On the same day that a team from the International Monetary Fund (IMF) gave Barbados high marks for checking the boxes of its economic reform programme, one of the younger members of the Democratic Labour Party (DLP) is warning that Government could once again find itself scrambling to stave off devaluation in another two years.
According to Banking and Finance major, Kemar Stuart, the decision to suspend international debt payment was misguided and will result in significant harm to the Barbados economy in the not-too-distant future.
“Along with the missed payments which still need to be serviced, the Government will need to repay US$350 million of maturing debt in 2021 and 2022, which will further impair Barbados ‘sovereign credit rating, bring the reserve tranche below the 12-week benchmark and increase the likelihood of devaluation,” said Stuart, who delivered the Astor B Watts lunchtime lecture this afternoon.
Today, the IMF team in its glowing report on the country’s economic progress under the Barbados Economic Recovery and Transformation (BERT) programme, stated that “Barbados continues to make strong progress in implementing its ambitious and comprehensive economic reform programme. International reserves, which reached a low of US$220 million (5–6 weeks of import coverage) at end-May 2018, have more than doubled since then. The rapid completion of the domestic part of a debt restructuring has been very helpful in reducing economic uncertainty, and the new terms agreed with creditors have put debt on a clear downward trajectory.”
Today neither the IMF team nor Prime Minister Mottley mentioned the worrying debt to international creditors.
However, the budding politician, who ran against Mottley on a Solutions Barbados ticket in the last election, slammed the Government for what he deems as a failure to adequately update the country on the progress of negotiations with foreign creditors. He argued that the longer the Government takes to brief the country on where things are, the more it will give rise to nervous speculation.
“It is reported that the external credit committee has submitted a proposal to the Prime Minister and her advisors however no significant or official statements have been issued in regard to the progress of securing a deal. Such incognito actions allow for speculation as to the harmful effects the initial default caused. The prolonged delay is only making it worse,” he said.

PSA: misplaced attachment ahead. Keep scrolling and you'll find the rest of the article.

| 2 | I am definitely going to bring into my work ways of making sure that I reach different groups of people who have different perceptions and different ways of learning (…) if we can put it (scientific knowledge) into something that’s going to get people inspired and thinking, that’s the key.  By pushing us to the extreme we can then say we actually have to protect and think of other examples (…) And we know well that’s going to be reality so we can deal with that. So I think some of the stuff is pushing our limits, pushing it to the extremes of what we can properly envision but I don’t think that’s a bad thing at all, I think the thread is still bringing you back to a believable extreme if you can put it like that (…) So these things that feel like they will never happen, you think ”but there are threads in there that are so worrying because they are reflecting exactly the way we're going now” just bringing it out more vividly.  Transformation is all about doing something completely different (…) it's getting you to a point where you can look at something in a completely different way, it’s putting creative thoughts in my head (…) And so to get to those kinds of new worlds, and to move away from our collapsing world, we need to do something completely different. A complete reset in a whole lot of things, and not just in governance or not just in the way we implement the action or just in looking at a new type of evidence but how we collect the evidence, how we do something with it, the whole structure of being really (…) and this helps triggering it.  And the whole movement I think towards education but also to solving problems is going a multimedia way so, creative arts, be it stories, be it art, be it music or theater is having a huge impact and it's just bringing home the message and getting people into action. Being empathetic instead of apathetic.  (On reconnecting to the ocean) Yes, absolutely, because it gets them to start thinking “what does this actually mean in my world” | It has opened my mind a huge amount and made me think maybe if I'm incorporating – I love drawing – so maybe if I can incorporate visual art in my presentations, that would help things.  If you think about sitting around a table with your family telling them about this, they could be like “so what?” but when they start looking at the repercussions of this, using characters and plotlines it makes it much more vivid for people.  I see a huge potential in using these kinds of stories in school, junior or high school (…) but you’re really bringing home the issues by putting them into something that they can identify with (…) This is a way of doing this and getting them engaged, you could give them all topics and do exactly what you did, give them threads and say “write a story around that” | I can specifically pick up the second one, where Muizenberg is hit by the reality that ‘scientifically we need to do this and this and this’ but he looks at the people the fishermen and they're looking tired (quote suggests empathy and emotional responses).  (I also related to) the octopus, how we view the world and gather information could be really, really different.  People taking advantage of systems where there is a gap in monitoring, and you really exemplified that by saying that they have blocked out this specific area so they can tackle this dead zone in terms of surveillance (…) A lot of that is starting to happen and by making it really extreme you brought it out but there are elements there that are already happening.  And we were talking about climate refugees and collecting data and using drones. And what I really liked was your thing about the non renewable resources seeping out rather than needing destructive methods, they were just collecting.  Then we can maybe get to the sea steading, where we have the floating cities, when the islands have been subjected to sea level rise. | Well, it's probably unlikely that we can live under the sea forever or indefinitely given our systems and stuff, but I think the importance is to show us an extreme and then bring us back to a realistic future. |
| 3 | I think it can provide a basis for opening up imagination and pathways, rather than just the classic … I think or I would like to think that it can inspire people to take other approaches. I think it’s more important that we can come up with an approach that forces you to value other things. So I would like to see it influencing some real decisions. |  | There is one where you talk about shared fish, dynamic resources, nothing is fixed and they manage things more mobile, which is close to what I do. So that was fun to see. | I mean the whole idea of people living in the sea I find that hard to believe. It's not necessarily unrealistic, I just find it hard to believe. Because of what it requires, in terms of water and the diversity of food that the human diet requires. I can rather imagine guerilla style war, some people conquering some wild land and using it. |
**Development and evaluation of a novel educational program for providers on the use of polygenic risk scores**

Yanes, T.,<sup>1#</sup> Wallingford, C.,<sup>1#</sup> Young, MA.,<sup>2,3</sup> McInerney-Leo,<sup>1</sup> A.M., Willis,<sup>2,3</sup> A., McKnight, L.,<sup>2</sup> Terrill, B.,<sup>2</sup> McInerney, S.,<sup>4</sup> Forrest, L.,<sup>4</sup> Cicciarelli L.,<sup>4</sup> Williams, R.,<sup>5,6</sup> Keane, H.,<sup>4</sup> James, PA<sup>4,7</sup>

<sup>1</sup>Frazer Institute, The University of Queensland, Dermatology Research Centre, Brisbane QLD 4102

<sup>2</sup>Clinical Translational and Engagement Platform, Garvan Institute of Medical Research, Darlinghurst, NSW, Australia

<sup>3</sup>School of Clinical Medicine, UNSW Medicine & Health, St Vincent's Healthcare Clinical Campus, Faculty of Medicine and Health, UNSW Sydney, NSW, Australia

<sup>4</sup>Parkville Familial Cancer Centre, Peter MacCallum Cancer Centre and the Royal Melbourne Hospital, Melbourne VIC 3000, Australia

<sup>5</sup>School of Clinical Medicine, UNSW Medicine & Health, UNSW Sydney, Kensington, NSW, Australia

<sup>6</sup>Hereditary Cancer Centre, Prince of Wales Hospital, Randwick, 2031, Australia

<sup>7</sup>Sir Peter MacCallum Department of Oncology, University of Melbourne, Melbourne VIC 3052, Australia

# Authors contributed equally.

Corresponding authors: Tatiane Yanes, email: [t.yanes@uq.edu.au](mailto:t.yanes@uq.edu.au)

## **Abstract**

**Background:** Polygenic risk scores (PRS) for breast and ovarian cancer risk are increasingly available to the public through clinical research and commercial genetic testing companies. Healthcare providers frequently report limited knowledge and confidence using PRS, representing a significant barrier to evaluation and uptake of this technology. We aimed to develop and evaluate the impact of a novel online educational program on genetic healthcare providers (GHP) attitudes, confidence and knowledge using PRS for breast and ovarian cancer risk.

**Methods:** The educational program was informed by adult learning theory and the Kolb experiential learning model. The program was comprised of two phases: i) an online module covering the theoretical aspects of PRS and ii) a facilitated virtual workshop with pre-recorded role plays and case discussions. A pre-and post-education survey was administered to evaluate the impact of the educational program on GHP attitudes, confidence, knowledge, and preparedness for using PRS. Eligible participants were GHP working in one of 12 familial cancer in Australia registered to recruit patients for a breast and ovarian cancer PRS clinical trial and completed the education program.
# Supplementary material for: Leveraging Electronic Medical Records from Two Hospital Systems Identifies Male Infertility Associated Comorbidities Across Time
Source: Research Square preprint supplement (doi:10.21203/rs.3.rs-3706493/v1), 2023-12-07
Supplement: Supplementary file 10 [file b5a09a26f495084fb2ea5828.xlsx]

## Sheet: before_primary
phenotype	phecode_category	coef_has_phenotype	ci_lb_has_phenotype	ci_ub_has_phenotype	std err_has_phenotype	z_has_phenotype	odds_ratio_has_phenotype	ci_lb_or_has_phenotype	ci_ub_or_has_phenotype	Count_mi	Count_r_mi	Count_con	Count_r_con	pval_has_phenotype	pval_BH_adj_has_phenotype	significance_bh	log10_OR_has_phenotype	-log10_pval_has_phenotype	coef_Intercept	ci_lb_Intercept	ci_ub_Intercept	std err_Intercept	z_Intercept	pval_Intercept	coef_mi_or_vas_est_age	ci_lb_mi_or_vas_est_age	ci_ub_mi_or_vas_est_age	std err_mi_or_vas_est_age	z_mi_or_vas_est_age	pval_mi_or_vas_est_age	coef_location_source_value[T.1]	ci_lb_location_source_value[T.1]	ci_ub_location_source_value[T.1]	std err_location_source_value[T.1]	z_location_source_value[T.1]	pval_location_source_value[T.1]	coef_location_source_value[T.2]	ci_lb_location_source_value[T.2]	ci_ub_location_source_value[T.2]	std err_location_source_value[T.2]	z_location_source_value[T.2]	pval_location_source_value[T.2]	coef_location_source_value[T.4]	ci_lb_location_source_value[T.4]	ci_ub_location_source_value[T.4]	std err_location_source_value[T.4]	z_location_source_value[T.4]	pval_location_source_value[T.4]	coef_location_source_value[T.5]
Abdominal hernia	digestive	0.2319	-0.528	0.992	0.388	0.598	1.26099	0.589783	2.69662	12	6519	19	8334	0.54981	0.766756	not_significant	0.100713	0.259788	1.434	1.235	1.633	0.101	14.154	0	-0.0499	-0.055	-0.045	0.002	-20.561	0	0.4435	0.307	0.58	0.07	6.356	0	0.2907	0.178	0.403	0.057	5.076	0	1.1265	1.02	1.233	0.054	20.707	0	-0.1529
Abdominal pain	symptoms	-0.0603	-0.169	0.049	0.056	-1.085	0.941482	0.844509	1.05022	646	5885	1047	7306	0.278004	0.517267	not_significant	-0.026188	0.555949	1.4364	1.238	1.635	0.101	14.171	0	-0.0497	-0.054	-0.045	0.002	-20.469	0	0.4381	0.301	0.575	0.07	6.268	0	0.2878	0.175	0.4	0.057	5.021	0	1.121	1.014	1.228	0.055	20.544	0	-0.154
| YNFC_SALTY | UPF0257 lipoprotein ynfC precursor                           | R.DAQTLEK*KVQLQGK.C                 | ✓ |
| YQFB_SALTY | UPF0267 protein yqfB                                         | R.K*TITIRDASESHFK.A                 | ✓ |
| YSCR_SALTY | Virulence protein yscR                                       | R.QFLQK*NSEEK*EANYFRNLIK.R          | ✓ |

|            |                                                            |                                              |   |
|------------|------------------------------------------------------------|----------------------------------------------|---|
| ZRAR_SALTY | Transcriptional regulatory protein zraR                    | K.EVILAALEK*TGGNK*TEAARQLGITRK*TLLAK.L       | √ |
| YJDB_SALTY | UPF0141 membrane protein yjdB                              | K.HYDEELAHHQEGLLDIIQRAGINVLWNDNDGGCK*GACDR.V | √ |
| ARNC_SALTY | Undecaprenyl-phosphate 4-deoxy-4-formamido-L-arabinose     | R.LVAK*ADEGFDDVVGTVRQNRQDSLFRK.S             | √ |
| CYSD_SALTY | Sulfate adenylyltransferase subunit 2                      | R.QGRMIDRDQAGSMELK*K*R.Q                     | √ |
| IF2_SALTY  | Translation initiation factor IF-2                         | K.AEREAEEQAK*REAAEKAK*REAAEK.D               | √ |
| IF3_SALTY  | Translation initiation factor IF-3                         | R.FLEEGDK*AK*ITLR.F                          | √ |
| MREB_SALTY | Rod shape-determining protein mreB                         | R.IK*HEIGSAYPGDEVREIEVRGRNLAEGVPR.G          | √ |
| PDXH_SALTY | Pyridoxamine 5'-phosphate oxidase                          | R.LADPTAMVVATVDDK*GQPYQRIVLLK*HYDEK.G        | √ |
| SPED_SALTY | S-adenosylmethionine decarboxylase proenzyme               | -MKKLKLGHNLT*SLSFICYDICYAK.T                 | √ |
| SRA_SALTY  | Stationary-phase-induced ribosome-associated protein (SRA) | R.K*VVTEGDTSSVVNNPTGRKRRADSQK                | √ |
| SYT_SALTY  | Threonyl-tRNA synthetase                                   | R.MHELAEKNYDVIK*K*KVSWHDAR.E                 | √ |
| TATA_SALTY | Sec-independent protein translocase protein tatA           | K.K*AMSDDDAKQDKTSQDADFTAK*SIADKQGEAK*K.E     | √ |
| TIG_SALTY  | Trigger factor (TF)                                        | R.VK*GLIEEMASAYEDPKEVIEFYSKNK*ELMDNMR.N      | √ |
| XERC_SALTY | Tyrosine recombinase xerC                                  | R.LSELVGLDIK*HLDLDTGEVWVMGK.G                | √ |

He questioned if Government could generate foreign exchange fast enough given the fact, they had publicly stated that they will not be borrowing for the next four years.
It appears that Stuart and well-known economist Jeremy Stephen share very similar perspectives. Last month Stephen argued that Government’s failure thus far to fix its foreign debt problems and fully implement its strategy for sustained fiscal breathing room could spell trouble for the country. And the clock is ticking to a deadline to find the money to pay huge debt bills in two years.
He told Barbados TODAY at the time that with almost a year having elapsed since Barbados defaulted on its foreign debt and a settlement yet to be announced, Government was essentially on borrowed time. He contended that anything less than a quick amicable debt restructuring could prove problematic for the country’s ability to borrow and for investor confidence.
“If the global private sector sees that while we have good tax rates, but Government is taking a bit longer to properly restructure the debt of foreign investors, then they are not going to want to invest in the Government debt. This will also impact on those who want to invest in private interests in Barbados because they look at things like sovereign risk.
“If they [Government] don’t get that done and settle with these foreign investors in the near term then that has far-reaching consequences. You need to remember what happened to Argentina in the early 2000s, where those investors took that country to court and to this day Argentina has trouble borrowing,” Stephen had said.